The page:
We know that pesticides are harming the animals – from creatures who live in the oceans, to larger animals living on farms, in jungles, on prairies, and even flying above our heads. But even more worrisome, they seem to be a threat to endangered species roaming the earth.
The U.S. Environmental Protection Agency (EPA) has just released an analysis pinpointing the collective impact that just 3 pesticides have on a surprising 97% of all the animals on endangered and threatened species lists nationwide.
Chlorpyrifos is manufactured primarily by Dow Agro Sciences LLC, Cheminova, Makhteshim-Agan, Garda, and Platte Chemical. It is an organophosphate pesticide that is harmful to animals and the environment. It is said to be a severe risk to 97% of America’s most threatened flora and fauna.
Chlorpyrifos is used in agriculture for feed and food crops and in cattle ear tags. This type of pesticide is also used on golf courses, and to control fire ants and mosquitoes for ‘public health.’ Products containing chlorpyrifos are also used to treat wood fences, and utility poles, as well as to exterminate termites, mosquitoes and roundworms.”
It works by blocking an enzyme which controls messages that travel between nerve cells. When the enzyme is blocked, the nervous system can’t send normal signals. The problem is that this is also how it can harm innocent animals, including those on the endangered species list.
Diazinon pesticide has been found it in at least 25 of the 1699 ‘National Priorities List’ cleanup sites that have been over-dosed with the chemical. Usually when this substance is in the environment at even moderate levels, humans are evacuated. You can imagine how animals might fare when exposed to this pesticide. It also lingers in soil, air, and water for decades.
An organophosphorus insecticide, Diazinon is used to control pest insects in soil, on ornamental plants, and on fruit and vegetable field crops. It’s sold under common trade names including Alfatox, Basudin, AG 500, Dazzel, Gardentox, and Knoxout. The EPA banned this insecticide in 2005, but it is still hurting endangered animals.
Diazinon threatens 79% of endangered species.
Also an organophosphate, Malathion targets insects by causing their nervous system to break down. It directly affects how the liver and kidneys work in both animals and humans.
As the Guardian reports:
“Malathion, an insecticide registered for use in the US since 1956, is likely to cause harm to 97% of the 1,782 mammals, birds, fish, reptiles and plants listed under the Endangered Species Act. Malathion is commonly used to treat fruit, vegetables and plants for pests, as well as on pets to remove ticks.”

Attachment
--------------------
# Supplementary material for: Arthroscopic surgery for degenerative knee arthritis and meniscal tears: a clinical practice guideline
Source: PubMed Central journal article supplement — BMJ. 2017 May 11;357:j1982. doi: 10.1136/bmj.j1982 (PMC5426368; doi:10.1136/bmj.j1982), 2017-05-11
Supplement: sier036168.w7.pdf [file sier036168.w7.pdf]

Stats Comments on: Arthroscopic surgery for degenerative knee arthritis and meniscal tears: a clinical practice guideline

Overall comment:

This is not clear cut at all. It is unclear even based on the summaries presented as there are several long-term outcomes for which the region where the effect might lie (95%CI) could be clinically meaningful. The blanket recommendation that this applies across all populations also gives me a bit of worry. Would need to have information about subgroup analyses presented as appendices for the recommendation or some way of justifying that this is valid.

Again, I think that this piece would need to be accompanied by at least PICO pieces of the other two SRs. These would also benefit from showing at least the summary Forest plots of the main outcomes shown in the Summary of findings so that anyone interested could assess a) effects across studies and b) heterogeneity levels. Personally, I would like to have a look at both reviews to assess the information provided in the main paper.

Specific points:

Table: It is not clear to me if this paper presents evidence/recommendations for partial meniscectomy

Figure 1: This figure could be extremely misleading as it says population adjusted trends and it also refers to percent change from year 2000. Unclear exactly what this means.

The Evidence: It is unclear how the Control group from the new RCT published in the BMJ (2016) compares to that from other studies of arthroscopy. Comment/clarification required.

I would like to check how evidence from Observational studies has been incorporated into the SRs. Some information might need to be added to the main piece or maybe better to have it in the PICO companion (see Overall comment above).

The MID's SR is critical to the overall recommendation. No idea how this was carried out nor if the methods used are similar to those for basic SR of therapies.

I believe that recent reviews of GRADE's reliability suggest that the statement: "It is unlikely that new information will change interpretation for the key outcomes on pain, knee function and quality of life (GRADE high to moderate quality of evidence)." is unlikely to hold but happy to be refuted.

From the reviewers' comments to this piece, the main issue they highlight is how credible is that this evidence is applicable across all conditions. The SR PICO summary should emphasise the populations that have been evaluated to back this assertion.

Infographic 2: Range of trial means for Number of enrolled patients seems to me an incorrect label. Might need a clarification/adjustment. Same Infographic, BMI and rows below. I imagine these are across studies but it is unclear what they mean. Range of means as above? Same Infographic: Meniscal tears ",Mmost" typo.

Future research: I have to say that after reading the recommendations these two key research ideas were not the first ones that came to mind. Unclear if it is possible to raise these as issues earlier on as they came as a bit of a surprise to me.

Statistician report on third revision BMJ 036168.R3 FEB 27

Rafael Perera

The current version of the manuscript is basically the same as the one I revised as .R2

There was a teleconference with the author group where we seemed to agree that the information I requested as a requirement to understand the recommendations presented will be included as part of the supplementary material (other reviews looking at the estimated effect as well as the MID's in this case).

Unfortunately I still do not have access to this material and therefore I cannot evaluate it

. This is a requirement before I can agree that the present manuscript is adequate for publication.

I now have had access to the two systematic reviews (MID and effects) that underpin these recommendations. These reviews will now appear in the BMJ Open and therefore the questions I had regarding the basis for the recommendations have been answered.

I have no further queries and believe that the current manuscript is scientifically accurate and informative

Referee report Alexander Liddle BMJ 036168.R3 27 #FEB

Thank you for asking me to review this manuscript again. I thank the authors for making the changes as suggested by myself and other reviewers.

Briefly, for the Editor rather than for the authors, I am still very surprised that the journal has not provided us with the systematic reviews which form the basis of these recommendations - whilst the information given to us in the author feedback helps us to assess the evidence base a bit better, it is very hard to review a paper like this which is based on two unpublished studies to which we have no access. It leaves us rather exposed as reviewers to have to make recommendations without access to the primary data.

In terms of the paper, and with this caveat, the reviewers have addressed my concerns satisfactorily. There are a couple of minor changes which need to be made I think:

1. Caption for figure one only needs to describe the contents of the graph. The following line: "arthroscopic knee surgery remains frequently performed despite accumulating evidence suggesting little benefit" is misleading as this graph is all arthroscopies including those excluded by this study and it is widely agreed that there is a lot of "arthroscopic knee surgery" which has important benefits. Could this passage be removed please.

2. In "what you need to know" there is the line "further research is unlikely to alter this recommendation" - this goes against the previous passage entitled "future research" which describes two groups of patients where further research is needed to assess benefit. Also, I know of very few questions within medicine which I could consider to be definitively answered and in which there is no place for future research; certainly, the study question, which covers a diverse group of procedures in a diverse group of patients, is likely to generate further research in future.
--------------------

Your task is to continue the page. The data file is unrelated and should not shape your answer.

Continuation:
The report reveals that malathion and chlorpyrifos harms an astounding 97% of the 1,782 animals and plants protected under the Endangered Species Act. Diazinon harms 79%. The report does not mention glyphosate (the main ingredient in Monsanto’s best-selling herbicide Roundup).
Lori Ann Burd, Environmental Health Director at the Center for Biological Diversity, said in a statement:
“For the first time in history, we finally have data showing just how catastrophically bad these pesticides are for endangered species—from birds and frogs to fish and plants. These dangerous pesticides have been used without proper analysis for decades, and now’s the time to take this new information and create common-sense measures to protect plants, animals and people from these chemicals.”
The EPA has allowed more than 16,000 chemicals to be registered for use without proper scientific research to determine their effects on the world around us, and our own health. The fact that the EPA has released this analysis is a step in the right direction.
Indeed, 800 million pounds of pesticides are going to cause some hefty damage. Many pesticides are said to evaporate in days, but some linger in the soil, air, and water for years, or even decades, and we still don’t know the synergistic effect of all these chemicals when used together. What is known for sure is that the more pesticides are used, the more difficult it is for the environment to ‘detox.’ The same goes for the animals and us.
Hopefully, armed with this new information provided by the EPA, we can do something before it is too late.
This article originally appeared at Natural Society.
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